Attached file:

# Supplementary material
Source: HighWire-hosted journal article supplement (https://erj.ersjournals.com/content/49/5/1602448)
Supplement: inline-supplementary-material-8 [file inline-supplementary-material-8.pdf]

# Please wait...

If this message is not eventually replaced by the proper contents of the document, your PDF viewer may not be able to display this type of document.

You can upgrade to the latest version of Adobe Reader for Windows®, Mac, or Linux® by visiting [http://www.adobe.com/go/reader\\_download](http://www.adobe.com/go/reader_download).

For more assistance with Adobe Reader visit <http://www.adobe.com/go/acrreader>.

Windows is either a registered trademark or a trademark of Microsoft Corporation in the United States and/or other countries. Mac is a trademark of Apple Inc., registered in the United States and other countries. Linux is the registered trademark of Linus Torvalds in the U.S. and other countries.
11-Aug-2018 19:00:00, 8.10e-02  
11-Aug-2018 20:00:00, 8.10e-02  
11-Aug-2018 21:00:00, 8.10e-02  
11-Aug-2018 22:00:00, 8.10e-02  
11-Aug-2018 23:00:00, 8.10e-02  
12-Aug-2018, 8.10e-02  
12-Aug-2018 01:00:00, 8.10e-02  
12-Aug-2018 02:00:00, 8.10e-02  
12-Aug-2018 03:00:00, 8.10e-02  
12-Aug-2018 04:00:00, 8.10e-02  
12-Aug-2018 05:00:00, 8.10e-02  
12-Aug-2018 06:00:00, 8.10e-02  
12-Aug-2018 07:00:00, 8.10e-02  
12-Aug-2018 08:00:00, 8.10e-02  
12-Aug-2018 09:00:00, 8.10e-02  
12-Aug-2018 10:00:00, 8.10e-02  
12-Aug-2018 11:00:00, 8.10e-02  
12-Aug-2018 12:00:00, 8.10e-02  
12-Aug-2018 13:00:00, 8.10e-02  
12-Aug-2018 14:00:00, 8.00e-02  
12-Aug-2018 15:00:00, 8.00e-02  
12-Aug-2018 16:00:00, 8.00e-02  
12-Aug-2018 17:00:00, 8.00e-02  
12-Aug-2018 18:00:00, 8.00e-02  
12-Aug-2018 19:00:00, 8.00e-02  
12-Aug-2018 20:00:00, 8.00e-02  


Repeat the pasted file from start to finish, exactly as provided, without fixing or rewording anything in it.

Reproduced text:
# Supplementary material
Source: HighWire-hosted journal article supplement (https://erj.ersjournals.com/content/49/5/1602448)
Supplement: inline-supplementary-material-8 [file inline-supplementary-material-8.pdf]

# Please wait...

If this message is not eventually replaced by the proper contents of the document, your PDF viewer may not be able to display this type of document.

You can upgrade to the latest version of Adobe Reader for Windows®, Mac, or Linux® by visiting [http://www.adobe.com/go/reader\\_download](http://www.adobe.com/go/reader_download).

For more assistance with Adobe Reader visit <http://www.adobe.com/go/acrreader>.

Windows is either a registered trademark or a trademark of Microsoft Corporation in the United States and/or other countries. Mac is a trademark of Apple Inc., registered in the United States and other countries. Linux is the registered trademark of Linus Torvalds in the U.S. and other countries.
11-Aug-2018 19:00:00, 8.10e-02  
11-Aug-2018 20:00:00, 8.10e-02  
11-Aug-2018 21:00:00, 8.10e-02  
11-Aug-2018 22:00:00, 8.10e-02  
11-Aug-2018 23:00:00, 8.10e-02  
12-Aug-2018, 8.10e-02  
12-Aug-2018 01:00:00, 8.10e-02  
12-Aug-2018 02:00:00, 8.10e-02  
12-Aug-2018 03:00:00, 8.10e-02  
12-Aug-2018 04:00:00, 8.10e-02  
12-Aug-2018 05:00:00, 8.10e-02  
12-Aug-2018 06:00:00, 8.10e-02  
12-Aug-2018 07:00:00, 8.10e-02  
12-Aug-2018 08:00:00, 8.10e-02  
12-Aug-2018 09:00:00, 8.10e-02  
12-Aug-2018 10:00:00, 8.10e-02  
12-Aug-2018 11:00:00, 8.10e-02  
12-Aug-2018 12:00:00, 8.10e-02  
12-Aug-2018 13:00:00, 8.10e-02  
12-Aug-2018 14:00:00, 8.00e-02  
12-Aug-2018 15:00:00, 8.00e-02  
12-Aug-2018 16:00:00, 8.00e-02  
12-Aug-2018 17:00:00, 8.00e-02  
12-Aug-2018 18:00:00, 8.00e-02  
12-Aug-2018 19:00:00, 8.00e-02  
12-Aug-2018 20:00:00, 8.00e-02  